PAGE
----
U.S. Federal Reserve Chairman Ben Bernanke said Tuesday the latest figures on housing and consumer spending suggest a rapid contraction in the economy could be easing.

Recently we have seen tentative signs that the sharp decline in economic activity may be slowing, for example, in data on home sales, homebuilding and consumer spending, including sales of new motor vehicles, Bernanke said in remarks prepared for delivery at Morehouse College in Atlanta.

Bernanke is scheduled to deliver the speech at 1:30 p.m. EDT. The remarks, which were about the extensive actions the central bank is taking to stem the financial crisis, were posted on the Fed's website ahead of time.

Some recent reports have suggested a moderating of the economy's downturn but data on Tuesday was less encouraging, with the Commerce Department reporting retail sales fell 1.1 percent in March where economists had foreseen a 0.3 percent rise.

Calling the current financial crisis the worst since the Great Depression, Bernanke explained the litany of emergency measures taken by the central bank and the Treasury Department with the aim of restoring battered credit markets.

The Fed, which has cut interest rates effectively to zero, has also created a broad range of lending facilities to ensure that banks can remain above water despite massive losses from mortgages and other consumer loans.

Bernanke said some of the programs might one day have to be removed in order to prevent all the stimulus from building into an outright threat of inflation.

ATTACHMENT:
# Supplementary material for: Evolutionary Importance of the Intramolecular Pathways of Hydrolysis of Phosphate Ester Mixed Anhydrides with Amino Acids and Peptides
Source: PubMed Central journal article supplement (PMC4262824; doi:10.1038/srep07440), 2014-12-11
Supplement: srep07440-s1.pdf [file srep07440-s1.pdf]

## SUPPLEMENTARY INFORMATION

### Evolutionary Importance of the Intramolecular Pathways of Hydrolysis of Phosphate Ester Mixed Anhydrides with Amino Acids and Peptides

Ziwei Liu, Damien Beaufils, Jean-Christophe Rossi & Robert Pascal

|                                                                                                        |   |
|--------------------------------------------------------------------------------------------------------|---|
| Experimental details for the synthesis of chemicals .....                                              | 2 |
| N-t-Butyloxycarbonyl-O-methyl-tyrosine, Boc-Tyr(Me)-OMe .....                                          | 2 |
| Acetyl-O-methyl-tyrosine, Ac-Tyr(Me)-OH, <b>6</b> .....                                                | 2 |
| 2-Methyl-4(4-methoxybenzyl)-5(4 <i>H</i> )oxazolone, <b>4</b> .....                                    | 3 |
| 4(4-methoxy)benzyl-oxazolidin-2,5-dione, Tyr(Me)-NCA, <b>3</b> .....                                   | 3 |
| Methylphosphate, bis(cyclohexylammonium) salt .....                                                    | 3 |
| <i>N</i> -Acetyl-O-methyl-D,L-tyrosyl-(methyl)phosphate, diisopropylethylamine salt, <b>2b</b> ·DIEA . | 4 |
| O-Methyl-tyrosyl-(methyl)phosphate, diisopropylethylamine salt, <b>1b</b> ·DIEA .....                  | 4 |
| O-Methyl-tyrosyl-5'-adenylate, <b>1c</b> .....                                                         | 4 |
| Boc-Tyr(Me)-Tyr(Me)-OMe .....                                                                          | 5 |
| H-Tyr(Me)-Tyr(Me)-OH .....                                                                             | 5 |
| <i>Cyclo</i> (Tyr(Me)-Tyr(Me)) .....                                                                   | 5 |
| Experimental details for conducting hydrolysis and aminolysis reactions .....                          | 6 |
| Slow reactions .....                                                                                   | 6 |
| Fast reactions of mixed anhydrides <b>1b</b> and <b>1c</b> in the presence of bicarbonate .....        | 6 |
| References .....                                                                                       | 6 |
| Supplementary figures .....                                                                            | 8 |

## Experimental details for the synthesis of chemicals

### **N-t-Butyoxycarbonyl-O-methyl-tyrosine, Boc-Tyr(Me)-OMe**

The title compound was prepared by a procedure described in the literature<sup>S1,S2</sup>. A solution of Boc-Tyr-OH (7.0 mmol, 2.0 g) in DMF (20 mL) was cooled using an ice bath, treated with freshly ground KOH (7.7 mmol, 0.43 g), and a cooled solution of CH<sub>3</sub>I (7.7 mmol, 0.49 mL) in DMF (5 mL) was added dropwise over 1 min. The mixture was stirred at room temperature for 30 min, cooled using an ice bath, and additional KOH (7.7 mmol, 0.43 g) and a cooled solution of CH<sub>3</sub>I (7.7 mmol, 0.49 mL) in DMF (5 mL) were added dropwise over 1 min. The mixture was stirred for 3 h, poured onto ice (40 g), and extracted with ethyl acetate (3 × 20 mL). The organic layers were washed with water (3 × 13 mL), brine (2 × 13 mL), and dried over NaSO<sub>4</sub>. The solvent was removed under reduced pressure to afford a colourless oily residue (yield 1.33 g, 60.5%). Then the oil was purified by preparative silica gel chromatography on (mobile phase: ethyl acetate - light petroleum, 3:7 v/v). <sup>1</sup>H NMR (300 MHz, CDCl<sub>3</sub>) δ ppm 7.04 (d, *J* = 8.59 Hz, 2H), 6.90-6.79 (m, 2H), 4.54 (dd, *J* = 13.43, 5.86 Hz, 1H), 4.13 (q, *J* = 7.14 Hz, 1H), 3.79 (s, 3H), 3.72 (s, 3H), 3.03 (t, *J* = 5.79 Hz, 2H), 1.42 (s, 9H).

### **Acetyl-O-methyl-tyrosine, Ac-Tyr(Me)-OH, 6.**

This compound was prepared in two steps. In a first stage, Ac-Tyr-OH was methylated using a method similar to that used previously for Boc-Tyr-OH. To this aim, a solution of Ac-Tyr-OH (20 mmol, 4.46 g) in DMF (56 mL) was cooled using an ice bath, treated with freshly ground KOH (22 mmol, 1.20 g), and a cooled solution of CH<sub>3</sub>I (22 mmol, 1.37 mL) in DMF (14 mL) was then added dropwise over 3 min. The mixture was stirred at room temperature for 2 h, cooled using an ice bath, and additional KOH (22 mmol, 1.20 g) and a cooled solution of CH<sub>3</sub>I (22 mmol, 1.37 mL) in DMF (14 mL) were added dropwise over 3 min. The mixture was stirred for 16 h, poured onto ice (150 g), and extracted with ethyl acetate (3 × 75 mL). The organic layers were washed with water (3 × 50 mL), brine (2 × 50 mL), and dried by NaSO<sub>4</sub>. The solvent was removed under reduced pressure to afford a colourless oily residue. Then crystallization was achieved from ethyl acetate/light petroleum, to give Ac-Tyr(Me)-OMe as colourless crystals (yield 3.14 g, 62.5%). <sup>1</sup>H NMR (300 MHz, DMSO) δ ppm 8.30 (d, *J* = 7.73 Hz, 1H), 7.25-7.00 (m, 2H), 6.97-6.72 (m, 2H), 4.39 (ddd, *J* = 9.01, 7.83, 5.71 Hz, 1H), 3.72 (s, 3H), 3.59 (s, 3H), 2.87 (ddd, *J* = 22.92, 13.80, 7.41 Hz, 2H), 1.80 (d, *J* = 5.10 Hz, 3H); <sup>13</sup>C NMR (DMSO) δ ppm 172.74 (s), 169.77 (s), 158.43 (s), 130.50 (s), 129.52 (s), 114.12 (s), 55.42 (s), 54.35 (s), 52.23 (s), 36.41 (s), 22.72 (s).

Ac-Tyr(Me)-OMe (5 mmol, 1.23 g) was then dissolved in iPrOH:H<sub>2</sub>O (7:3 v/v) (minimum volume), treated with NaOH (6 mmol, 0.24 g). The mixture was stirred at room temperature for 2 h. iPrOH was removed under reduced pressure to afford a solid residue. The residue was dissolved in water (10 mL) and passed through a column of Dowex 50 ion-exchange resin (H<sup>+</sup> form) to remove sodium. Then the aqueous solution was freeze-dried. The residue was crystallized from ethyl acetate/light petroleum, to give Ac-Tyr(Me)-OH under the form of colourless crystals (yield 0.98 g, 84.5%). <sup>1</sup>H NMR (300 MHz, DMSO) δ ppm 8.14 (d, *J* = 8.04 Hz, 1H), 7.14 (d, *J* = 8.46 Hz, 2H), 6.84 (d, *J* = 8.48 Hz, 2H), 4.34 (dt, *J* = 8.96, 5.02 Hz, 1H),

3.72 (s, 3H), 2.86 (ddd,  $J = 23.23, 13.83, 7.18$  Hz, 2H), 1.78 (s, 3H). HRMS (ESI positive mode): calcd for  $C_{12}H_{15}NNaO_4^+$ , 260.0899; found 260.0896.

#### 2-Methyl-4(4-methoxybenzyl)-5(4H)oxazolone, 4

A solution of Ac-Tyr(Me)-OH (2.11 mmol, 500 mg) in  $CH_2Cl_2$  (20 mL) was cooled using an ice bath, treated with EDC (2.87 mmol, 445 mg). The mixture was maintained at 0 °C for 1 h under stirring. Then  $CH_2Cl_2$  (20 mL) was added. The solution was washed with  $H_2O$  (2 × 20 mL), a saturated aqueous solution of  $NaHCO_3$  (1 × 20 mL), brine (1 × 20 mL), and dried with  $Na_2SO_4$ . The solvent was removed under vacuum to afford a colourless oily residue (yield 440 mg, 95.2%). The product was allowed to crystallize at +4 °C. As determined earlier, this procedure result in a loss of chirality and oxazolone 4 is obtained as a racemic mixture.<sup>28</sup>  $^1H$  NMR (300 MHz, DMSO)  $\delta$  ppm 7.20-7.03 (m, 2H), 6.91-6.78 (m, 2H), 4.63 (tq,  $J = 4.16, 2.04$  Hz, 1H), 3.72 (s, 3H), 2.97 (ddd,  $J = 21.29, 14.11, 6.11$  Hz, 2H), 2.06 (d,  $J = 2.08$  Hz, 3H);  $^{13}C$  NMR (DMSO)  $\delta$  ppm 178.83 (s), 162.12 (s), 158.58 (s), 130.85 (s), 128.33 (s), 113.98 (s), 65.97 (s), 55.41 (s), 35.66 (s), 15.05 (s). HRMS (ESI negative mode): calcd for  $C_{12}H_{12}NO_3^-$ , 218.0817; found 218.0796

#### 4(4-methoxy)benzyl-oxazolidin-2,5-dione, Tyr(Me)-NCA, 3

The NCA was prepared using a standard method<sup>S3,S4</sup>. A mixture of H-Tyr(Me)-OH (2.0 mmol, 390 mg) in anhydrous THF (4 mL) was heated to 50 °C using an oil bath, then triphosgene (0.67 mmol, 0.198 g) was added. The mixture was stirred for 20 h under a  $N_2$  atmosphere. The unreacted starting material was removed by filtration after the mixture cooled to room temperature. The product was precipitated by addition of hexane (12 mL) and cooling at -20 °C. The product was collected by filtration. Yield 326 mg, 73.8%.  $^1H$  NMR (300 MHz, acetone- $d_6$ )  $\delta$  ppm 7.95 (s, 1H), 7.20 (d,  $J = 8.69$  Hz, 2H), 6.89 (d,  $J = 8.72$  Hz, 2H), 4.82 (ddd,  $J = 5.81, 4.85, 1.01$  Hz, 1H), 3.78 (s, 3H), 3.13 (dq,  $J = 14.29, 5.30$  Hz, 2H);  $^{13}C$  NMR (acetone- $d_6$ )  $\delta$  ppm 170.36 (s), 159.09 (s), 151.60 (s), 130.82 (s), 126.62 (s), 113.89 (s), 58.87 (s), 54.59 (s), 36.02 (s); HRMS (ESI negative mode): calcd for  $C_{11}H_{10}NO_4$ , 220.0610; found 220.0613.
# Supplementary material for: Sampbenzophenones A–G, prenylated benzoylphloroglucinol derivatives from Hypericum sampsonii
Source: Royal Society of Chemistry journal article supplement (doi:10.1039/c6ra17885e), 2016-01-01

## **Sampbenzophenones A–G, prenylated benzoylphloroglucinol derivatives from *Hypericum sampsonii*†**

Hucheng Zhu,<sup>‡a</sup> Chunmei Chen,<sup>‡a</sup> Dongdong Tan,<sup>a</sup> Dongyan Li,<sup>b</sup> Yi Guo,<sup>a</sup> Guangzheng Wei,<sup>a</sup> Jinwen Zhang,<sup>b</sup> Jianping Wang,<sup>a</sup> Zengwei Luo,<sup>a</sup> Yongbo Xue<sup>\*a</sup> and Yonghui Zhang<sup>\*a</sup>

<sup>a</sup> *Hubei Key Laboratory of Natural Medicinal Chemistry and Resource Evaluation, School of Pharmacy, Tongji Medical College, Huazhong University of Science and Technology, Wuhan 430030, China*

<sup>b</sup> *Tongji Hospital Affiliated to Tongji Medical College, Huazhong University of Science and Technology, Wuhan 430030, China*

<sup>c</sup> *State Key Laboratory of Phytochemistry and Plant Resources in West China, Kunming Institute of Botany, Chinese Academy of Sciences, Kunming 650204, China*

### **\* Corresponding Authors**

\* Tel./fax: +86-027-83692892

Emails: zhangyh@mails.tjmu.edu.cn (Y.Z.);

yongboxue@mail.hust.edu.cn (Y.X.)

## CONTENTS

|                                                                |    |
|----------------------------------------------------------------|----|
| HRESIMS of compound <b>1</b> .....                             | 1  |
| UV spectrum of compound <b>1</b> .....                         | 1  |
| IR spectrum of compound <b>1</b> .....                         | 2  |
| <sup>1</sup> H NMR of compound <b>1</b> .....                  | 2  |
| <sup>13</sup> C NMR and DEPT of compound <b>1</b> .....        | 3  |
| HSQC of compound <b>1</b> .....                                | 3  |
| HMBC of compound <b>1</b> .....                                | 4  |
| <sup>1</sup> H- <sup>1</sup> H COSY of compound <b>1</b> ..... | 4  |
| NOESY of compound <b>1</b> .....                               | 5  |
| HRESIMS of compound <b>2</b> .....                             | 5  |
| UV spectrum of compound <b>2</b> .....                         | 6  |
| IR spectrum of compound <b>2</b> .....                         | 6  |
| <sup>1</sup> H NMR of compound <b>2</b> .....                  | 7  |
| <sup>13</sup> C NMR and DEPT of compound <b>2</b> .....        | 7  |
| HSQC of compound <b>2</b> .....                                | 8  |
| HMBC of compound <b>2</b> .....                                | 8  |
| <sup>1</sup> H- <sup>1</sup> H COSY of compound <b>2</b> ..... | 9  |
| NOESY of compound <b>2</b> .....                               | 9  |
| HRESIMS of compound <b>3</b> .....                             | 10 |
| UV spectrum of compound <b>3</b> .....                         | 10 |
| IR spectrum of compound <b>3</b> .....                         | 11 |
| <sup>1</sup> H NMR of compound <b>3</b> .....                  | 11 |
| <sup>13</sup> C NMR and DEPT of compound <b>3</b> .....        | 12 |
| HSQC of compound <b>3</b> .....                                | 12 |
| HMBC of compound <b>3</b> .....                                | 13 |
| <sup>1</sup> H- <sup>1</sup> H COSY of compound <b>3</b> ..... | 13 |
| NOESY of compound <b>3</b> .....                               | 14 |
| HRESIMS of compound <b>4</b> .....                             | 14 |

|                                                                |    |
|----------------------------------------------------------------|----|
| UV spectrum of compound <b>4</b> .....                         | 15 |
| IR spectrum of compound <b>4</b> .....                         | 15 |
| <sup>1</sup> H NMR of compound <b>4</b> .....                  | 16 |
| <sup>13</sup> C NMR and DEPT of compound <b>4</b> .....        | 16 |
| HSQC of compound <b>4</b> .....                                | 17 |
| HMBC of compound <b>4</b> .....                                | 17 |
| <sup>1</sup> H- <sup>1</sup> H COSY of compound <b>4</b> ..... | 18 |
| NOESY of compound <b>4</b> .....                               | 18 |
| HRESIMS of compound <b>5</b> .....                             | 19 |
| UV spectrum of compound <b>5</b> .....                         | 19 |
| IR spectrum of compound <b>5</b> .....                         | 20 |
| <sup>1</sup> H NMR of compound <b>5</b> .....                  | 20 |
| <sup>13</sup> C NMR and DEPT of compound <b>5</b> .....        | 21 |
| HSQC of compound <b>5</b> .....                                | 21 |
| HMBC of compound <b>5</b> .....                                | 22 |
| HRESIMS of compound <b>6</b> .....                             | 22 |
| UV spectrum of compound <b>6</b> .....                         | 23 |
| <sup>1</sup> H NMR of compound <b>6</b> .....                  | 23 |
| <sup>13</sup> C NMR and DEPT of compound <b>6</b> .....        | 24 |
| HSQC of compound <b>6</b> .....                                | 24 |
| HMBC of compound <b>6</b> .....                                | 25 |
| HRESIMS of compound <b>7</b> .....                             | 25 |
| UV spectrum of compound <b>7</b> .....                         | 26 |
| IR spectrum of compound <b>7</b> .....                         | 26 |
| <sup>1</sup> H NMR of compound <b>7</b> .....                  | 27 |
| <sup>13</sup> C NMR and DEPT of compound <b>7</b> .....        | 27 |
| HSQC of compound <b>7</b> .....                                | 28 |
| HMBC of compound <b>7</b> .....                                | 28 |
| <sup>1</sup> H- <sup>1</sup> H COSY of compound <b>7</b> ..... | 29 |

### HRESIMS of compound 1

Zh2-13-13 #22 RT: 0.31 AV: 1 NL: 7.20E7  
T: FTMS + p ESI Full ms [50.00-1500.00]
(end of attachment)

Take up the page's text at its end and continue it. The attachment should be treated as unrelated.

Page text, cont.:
We have a number of effective tools that will allow us to drain excess liquidity and begin to raise rates at the appropriate time, he noted. That said, unwinding or scaling down some of our special lending programs will almost certainly have to be part of our strategy for removing policy stimulus once the recovery is under way.

That day was clearly not at hand quite yet, since Bernanke said the Fed was exploring an expansion of the types of credit made available through its program to restart securitization markets, known as the Term Asset-Backed Securities Lending Facility or TALF.

Bernanke did not specify what areas he had in mind, but analysts believe it would include bonds backed by commercial real estate, a sector that has been deteriorating quickly in recent months.

The TALF so far has seen much weaker demand than the Fed had foreseen. While the central bank had allotted $200 billion in loans, only about $6.4 billion in deals have emerged in two auctions thus far.

Bernanke took pains to justify actions taken to save insurance giant AIG, which has been embroiled in a controversy over lavish bonuses paid after the firm was already on taxpayer-funded life support.

He argued that the firm's collapse would have compromised the entire global financial system.

Nonetheless, he argued that direct support to financial institutions and loans to investors would not compromise the taxpayer, or lead to the threat of inflation.

I can assure you that monetary policy-makers are fully committed to acting as needed to withdraw on a timely basis the extraordinary support now being provided to the economy, and we are confident in our ability to do so, Bernanke said.

(Editing by Chizu Nomiyama)